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Printed Batteries Provide Paper-Thin Power. Answered

Check this out! A team of German scientists has invented the world's first printable batteries. Thin, flexible and environmentally friendly, the batteries can be produced in large quantities for a fraction of what it takes to produce conventional batteries. The new battery is also different in other ways from conventional batteries. The printable version weighs less than one gram on the scales, is not even one millimeter thick and can therefore be integrated into bank cash cards. The battery contains no mercury and is in this respect environmentally friendly. Its voltage is 1.5 V, which lies within the normal range. By placing several batteries in a row, voltages of 3 V, 4.5 V and 6 V can also be achieved. The new battery was developed by a research team led by Dr. Reinhard Baumann of the Fraunhofer Research Institution for Electronic Nano Systems ENAS in Chemnitz, Germany. "Our goal is to be able to mass produce the batteries at a price of single digit cent range each," states Dr. Andreas Willert, group manager at ENAS. The batteries are printed using a silk-screen printing method similar to that used for t-shirts and posters. A kind of rubber lip presses the printing paste through a screen onto the substrate. A template covers the areas that are not to be printed on. Through this process it is possible to apply comparatively large quantities of printing paste, and the individual layers are slightly thicker than a hair. Therefore, the battery is suitable for applications which have a limited life span or a limited power requirement, for instance greeting cards. The researchers have already produced the batteries on a laboratory scale. At the end of this year, the first products could possibly be finished.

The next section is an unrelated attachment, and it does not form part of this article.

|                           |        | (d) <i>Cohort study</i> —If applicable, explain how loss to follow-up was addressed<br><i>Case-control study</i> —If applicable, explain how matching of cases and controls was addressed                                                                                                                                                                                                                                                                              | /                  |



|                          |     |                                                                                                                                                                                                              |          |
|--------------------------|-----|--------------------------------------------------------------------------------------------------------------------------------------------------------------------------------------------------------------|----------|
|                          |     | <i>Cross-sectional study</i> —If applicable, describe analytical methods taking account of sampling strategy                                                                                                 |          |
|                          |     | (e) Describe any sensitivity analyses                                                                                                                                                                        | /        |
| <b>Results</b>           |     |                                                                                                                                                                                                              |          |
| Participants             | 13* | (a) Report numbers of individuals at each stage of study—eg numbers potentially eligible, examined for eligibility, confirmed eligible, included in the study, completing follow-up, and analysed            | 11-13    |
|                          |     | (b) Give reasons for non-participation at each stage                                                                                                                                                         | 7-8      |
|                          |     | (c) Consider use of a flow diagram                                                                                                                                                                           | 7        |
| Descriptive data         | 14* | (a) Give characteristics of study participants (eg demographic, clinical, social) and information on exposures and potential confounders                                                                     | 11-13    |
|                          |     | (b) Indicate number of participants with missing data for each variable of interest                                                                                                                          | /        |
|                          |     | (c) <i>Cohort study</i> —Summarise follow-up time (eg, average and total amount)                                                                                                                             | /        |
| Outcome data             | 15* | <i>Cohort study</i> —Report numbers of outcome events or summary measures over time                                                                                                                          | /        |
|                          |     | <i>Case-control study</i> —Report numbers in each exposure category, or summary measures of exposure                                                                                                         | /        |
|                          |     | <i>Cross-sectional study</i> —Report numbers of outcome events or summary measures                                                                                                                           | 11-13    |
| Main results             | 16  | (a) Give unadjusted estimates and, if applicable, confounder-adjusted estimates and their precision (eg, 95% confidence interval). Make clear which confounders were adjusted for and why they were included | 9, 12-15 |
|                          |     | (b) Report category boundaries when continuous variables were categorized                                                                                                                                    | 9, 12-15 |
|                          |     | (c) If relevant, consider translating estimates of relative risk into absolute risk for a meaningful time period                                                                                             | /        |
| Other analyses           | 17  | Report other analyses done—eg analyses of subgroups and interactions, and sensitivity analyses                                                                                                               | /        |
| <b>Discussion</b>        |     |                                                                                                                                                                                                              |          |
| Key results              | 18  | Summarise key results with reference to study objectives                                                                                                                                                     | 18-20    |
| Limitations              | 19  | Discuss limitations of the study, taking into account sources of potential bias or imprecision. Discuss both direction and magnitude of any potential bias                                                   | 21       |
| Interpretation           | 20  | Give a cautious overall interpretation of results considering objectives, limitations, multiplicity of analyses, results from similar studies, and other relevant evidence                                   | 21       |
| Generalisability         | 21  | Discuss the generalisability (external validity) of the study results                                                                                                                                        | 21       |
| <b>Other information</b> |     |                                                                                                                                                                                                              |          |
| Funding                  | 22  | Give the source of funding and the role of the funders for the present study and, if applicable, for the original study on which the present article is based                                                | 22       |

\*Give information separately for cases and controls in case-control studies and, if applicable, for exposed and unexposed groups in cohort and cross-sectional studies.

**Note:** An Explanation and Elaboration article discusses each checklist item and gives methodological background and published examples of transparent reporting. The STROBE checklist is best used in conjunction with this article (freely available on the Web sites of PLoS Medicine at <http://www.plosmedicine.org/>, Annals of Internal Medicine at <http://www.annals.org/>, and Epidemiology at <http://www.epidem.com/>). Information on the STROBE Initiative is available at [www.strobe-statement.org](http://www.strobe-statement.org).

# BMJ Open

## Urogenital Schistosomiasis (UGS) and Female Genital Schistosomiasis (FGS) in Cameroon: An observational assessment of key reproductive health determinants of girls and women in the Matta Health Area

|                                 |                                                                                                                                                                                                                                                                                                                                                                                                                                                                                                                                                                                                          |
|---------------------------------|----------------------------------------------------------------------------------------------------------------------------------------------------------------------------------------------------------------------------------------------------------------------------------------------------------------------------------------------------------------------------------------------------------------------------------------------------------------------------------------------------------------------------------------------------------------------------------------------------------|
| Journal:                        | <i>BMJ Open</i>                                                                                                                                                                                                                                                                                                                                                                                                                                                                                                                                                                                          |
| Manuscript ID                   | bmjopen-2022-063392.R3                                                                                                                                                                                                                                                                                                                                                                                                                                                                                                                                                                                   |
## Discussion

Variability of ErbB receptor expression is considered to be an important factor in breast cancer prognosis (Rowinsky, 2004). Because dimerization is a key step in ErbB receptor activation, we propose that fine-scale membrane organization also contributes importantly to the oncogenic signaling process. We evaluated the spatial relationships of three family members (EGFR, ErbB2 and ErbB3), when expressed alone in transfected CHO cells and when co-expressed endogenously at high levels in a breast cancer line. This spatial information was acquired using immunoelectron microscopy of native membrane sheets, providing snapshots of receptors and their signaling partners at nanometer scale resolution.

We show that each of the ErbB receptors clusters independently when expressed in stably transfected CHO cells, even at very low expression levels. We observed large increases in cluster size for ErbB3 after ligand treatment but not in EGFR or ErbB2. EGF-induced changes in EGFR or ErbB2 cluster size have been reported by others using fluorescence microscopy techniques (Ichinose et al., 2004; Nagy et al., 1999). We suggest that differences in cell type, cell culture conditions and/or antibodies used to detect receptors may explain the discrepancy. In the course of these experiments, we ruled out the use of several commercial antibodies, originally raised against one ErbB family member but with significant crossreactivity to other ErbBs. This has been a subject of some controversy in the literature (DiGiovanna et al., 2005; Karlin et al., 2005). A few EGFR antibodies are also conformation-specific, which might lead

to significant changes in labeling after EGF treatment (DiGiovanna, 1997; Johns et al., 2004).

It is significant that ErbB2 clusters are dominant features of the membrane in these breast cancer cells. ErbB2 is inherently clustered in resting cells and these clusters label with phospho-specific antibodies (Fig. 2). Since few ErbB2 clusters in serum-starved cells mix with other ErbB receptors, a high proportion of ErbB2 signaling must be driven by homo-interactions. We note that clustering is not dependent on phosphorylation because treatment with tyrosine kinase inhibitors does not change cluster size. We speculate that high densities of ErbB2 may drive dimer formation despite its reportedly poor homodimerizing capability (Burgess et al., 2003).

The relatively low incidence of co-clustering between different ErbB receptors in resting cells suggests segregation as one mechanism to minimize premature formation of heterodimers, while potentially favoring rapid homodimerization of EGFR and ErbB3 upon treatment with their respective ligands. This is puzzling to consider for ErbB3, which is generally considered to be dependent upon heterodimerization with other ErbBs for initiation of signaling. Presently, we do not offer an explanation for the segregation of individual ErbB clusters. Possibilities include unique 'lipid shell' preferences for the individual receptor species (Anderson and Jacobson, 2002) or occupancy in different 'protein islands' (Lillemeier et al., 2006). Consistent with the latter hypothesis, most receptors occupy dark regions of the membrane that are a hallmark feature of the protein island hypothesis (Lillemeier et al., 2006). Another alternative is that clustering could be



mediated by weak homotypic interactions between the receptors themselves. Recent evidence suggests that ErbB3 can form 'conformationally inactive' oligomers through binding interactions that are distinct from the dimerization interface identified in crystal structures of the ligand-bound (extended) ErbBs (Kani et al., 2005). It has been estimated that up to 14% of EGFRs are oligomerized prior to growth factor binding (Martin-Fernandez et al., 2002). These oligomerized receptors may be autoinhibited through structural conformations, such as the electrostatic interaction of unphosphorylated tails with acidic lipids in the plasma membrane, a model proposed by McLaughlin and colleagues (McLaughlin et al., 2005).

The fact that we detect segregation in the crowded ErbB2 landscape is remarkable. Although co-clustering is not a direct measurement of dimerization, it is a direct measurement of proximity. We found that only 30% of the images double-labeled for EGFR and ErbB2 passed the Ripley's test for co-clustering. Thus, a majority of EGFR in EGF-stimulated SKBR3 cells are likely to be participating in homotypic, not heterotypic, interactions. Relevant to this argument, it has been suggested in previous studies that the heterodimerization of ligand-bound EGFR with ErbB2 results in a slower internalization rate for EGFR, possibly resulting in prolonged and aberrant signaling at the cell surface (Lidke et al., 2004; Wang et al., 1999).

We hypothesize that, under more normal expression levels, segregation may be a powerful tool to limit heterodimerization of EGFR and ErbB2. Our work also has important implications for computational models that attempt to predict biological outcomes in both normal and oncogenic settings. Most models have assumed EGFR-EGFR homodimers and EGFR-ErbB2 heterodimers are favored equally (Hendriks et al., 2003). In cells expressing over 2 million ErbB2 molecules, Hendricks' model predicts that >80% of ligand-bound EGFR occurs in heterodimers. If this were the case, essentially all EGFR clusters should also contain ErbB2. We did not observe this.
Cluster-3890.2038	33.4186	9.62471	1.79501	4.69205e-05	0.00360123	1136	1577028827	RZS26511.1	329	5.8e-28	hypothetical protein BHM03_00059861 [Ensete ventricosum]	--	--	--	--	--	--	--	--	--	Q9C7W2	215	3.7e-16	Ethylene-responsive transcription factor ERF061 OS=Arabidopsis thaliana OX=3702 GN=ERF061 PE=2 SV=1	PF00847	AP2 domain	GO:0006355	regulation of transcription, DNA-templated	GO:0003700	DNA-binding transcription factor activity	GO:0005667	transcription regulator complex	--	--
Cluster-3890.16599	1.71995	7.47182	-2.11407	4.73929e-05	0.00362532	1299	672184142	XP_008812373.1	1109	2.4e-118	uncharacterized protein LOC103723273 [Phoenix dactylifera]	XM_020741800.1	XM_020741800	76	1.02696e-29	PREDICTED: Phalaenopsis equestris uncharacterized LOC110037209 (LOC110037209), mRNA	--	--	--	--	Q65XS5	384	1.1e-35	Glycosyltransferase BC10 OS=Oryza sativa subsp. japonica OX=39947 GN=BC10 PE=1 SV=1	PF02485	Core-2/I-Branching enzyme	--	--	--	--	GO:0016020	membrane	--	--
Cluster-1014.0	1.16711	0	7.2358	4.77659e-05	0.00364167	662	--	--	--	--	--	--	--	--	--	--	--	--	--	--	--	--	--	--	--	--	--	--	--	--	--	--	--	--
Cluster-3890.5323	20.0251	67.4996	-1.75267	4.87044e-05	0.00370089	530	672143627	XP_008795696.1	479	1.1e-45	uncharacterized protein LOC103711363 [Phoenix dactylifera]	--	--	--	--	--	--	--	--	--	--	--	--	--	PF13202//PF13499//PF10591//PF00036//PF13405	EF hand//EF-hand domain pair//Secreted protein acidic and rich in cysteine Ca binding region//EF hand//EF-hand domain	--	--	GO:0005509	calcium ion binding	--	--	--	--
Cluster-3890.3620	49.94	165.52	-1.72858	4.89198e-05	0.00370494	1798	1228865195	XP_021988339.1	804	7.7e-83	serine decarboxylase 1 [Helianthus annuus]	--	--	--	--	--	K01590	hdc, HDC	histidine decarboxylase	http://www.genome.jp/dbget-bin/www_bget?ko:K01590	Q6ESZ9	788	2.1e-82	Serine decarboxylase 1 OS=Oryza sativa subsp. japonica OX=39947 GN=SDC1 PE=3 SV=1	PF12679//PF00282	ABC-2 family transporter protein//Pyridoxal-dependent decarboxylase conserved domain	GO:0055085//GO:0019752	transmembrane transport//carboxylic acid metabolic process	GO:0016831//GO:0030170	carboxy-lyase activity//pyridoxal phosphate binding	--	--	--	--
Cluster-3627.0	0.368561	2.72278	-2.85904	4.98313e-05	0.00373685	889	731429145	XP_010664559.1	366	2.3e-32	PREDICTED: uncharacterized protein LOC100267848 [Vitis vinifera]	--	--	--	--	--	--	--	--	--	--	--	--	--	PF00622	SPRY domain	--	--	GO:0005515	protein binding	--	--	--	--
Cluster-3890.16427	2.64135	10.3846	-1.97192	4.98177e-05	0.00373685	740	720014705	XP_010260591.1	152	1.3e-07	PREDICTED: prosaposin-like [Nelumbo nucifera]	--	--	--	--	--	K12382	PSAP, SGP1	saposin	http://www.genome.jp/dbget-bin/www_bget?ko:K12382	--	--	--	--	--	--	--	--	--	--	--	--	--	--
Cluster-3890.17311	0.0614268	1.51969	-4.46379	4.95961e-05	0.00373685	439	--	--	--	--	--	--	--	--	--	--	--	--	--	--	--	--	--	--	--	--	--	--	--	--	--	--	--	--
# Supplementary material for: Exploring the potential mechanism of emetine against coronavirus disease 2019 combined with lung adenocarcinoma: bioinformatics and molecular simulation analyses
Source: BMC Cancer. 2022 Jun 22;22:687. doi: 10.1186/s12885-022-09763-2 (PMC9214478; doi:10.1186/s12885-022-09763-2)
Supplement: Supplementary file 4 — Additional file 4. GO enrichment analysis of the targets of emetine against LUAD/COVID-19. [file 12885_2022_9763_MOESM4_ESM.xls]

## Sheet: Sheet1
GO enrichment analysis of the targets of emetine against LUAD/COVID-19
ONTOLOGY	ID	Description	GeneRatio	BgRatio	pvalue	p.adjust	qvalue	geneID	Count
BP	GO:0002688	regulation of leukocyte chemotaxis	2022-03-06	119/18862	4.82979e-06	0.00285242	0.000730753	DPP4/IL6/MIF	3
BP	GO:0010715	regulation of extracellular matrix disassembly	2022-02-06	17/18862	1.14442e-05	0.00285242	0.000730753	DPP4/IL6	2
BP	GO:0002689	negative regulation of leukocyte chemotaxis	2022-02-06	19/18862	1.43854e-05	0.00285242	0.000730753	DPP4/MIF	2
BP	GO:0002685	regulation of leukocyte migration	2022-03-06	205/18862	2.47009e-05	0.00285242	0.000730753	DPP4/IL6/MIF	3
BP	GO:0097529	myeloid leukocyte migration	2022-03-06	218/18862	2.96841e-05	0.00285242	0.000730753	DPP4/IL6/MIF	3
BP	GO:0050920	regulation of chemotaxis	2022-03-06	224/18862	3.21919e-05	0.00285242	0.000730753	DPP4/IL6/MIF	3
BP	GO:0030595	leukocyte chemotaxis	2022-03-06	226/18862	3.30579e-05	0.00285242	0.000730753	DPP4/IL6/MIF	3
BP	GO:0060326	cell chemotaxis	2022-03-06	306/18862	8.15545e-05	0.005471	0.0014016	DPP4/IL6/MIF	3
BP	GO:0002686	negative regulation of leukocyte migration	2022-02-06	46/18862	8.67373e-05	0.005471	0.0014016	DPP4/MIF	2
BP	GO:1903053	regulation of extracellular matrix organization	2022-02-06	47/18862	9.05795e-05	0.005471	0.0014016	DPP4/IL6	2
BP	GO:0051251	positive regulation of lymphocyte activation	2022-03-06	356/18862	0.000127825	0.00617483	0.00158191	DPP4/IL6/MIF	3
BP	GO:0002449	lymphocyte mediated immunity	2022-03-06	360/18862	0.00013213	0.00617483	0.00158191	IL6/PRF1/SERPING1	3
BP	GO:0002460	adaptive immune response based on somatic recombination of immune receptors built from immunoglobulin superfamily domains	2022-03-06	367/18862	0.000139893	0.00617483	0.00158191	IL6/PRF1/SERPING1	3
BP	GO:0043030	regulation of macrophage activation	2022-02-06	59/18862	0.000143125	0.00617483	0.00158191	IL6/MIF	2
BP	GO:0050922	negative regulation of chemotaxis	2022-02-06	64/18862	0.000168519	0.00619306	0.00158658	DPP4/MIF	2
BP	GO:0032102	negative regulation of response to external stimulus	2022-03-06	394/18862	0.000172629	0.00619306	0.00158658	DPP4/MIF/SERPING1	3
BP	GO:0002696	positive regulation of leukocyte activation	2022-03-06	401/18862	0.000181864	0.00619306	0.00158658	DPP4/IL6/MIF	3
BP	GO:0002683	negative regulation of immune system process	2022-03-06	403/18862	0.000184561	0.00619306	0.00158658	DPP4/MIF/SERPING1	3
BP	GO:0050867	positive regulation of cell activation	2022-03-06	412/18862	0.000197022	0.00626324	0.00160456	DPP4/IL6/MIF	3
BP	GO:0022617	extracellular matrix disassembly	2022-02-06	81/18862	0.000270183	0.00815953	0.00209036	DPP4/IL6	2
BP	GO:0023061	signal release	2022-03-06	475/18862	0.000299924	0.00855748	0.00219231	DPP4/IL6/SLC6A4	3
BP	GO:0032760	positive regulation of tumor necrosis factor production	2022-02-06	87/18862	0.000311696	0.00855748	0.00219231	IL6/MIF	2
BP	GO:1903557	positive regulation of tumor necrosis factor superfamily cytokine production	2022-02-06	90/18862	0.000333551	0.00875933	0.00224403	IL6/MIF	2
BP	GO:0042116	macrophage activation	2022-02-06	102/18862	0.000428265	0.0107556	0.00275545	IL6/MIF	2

But how much current??

Google Is Your Friend.

Start by searching for "Fraunhofer Research Institute".  From their main page (in English), look for ENAS and follow the link.  From there, you'll have to use their Search interface (ignore the German :-) and type "printed battery" into the text box.  That'll get you to a PDF datasheet for the battery, with the answer (not a good one).

This is a nice proof of principle, the the performance envelope isn't great.  It drops 100 mV in the first couple of hours, and decays to half voltage in just over a week.  Stored energy is just 2 mAh/cm2 for the single-disk 1.5V cell (the picture above shows a 6V four-cell battery), or abut 6 mAh per cell (estimating a 1 cm radius based on the fingers in that picture).

Any chance of a link to the original source? Google Is My Friend, of course, but saving N people the trouble of N identical searches would be very Green :-)